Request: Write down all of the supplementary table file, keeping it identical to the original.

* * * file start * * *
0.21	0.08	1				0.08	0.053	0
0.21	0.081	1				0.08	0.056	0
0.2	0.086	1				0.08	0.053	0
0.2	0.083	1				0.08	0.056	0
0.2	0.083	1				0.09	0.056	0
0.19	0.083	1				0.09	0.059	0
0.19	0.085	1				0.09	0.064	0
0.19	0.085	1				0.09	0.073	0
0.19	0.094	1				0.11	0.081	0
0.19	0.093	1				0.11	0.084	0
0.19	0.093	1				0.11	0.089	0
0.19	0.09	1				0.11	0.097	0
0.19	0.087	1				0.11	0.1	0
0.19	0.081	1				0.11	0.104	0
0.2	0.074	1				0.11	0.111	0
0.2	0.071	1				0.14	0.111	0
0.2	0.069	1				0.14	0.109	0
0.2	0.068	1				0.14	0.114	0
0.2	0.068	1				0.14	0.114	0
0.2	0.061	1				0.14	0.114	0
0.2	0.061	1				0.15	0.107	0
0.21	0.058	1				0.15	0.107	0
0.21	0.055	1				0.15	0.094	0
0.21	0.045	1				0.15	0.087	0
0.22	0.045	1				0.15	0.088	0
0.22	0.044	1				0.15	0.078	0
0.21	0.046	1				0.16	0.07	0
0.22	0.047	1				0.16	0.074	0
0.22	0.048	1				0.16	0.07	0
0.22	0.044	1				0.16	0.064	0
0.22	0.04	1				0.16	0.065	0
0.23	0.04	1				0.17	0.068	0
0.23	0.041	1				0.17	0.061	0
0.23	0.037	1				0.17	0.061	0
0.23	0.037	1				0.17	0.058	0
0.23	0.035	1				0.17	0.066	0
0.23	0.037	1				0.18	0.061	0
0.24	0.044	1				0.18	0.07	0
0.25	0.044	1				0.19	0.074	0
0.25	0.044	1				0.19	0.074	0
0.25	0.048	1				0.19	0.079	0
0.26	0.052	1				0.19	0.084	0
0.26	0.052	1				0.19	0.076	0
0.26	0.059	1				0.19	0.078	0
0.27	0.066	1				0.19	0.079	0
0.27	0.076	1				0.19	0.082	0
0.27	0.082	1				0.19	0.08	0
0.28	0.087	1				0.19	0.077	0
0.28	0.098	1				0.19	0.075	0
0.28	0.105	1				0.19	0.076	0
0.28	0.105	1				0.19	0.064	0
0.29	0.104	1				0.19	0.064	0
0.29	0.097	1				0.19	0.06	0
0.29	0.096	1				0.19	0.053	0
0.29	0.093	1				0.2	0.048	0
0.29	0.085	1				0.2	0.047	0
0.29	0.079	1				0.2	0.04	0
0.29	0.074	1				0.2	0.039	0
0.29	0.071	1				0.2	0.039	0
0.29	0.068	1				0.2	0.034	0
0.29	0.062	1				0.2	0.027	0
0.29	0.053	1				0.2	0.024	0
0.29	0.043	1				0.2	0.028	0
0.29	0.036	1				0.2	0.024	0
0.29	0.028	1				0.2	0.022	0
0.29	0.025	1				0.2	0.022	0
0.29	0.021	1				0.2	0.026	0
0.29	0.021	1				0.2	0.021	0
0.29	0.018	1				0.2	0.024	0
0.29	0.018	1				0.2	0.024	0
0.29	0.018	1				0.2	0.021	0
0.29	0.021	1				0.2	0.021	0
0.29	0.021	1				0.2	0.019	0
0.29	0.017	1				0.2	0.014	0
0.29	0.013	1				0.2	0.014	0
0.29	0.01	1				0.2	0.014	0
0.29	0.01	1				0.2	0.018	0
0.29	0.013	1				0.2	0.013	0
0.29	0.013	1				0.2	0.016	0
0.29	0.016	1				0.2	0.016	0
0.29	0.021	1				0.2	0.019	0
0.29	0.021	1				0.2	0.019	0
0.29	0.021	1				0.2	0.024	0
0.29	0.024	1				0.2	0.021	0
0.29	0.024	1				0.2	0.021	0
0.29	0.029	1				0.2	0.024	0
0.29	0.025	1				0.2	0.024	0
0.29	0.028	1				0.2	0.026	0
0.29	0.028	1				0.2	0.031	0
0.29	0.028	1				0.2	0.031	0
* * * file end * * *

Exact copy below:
0.21	0.08	1				0.08	0.053	0
0.21	0.081	1				0.08	0.056	0
0.2	0.086	1				0.08	0.053	0
0.2	0.083	1				0.08	0.056	0
0.2	0.083	1				0.09	0.056	0
0.19	0.083	1				0.09	0.059	0
0.19	0.085	1				0.09	0.064	0
0.19	0.085	1				0.09	0.073	0
0.19	0.094	1				0.11	0.081	0
0.19	0.093	1				0.11	0.084	0
0.19	0.093	1				0.11	0.089	0
0.19	0.09	1				0.11	0.097	0
0.19	0.087	1				0.11	0.1	0
0.19	0.081	1				0.11	0.104	0
0.2	0.074	1				0.11	0.111	0
0.2	0.071	1				0.14	0.111	0
0.2	0.069	1				0.14	0.109	0
0.2	0.068	1				0.14	0.114	0
0.2	0.068	1				0.14	0.114	0
0.2	0.061	1				0.14	0.114	0
0.2	0.061	1				0.15	0.107	0
0.21	0.058	1				0.15	0.107	0
0.21	0.055	1				0.15	0.094	0
0.21	0.045	1				0.15	0.087	0
0.22	0.045	1				0.15	0.088	0
0.22	0.044	1				0.15	0.078	0
0.21	0.046	1				0.16	0.07	0
0.22	0.047	1				0.16	0.074	0
0.22	0.048	1				0.16	0.07	0
0.22	0.044	1				0.16	0.064	0
0.22	0.04	1				0.16	0.065	0
0.23	0.04	1				0.17	0.068	0
0.23	0.041	1				0.17	0.061	0
0.23	0.037	1				0.17	0.061	0
0.23	0.037	1				0.17	0.058	0
0.23	0.035	1				0.17	0.066	0
0.23	0.037	1				0.18	0.061	0
0.24	0.044	1				0.18	0.07	0
0.25	0.044	1				0.19	0.074	0
0.25	0.044	1				0.19	0.074	0
0.25	0.048	1				0.19	0.079	0
0.26	0.052	1				0.19	0.084	0
0.26	0.052	1				0.19	0.076	0
0.26	0.059	1				0.19	0.078	0
0.27	0.066	1				0.19	0.079	0
0.27	0.076	1				0.19	0.082	0
0.27	0.082	1				0.19	0.08	0
0.28	0.087	1				0.19	0.077	0
0.28	0.098	1				0.19	0.075	0
0.28	0.105	1				0.19	0.076	0
0.28	0.105	1				0.19	0.064	0
0.29	0.104	1				0.19	0.064	0
0.29	0.097	1				0.19	0.06	0
0.29	0.096	1				0.19	0.053	0
0.29	0.093	1				0.2	0.048	0
0.29	0.085	1				0.2	0.047	0
0.29	0.079	1				0.2	0.04	0
0.29	0.074	1				0.2	0.039	0
0.29	0.071	1				0.2	0.039	0
0.29	0.068	1				0.2	0.034	0
0.29	0.062	1				0.2	0.027	0
0.29	0.053	1				0.2	0.024	0
0.29	0.043	1				0.2	0.028	0
0.29	0.036	1				0.2	0.024	0
0.29	0.028	1				0.2	0.022	0
0.29	0.025	1				0.2	0.022	0
0.29	0.021	1				0.2	0.026	0
0.29	0.021	1				0.2	0.021	0
0.29	0.018	1				0.2	0.024	0
0.29	0.018	1				0.2	0.024	0
0.29	0.018	1				0.2	0.021	0
0.29	0.021	1				0.2	0.021	0
0.29	0.021	1				0.2	0.019	0
0.29	0.017	1				0.2	0.014	0
0.29	0.013	1				0.2	0.014	0
0.29	0.01	1				0.2	0.014	0
0.29	0.01	1				0.2	0.018	0
0.29	0.013	1				0.2	0.013	0
0.29	0.013	1				0.2	0.016	0
0.29	0.016	1				0.2	0.016	0
0.29	0.021	1				0.2	0.019	0
0.29	0.021	1				0.2	0.019	0
0.29	0.021	1				0.2	0.024	0
0.29	0.024	1				0.2	0.021	0
0.29	0.024	1				0.2	0.021	0
0.29	0.029	1				0.2	0.024	0
0.29	0.025	1				0.2	0.024	0
0.29	0.028	1				0.2	0.026	0
0.29	0.028	1				0.2	0.031	0
0.29	0.028	1				0.2	0.031	0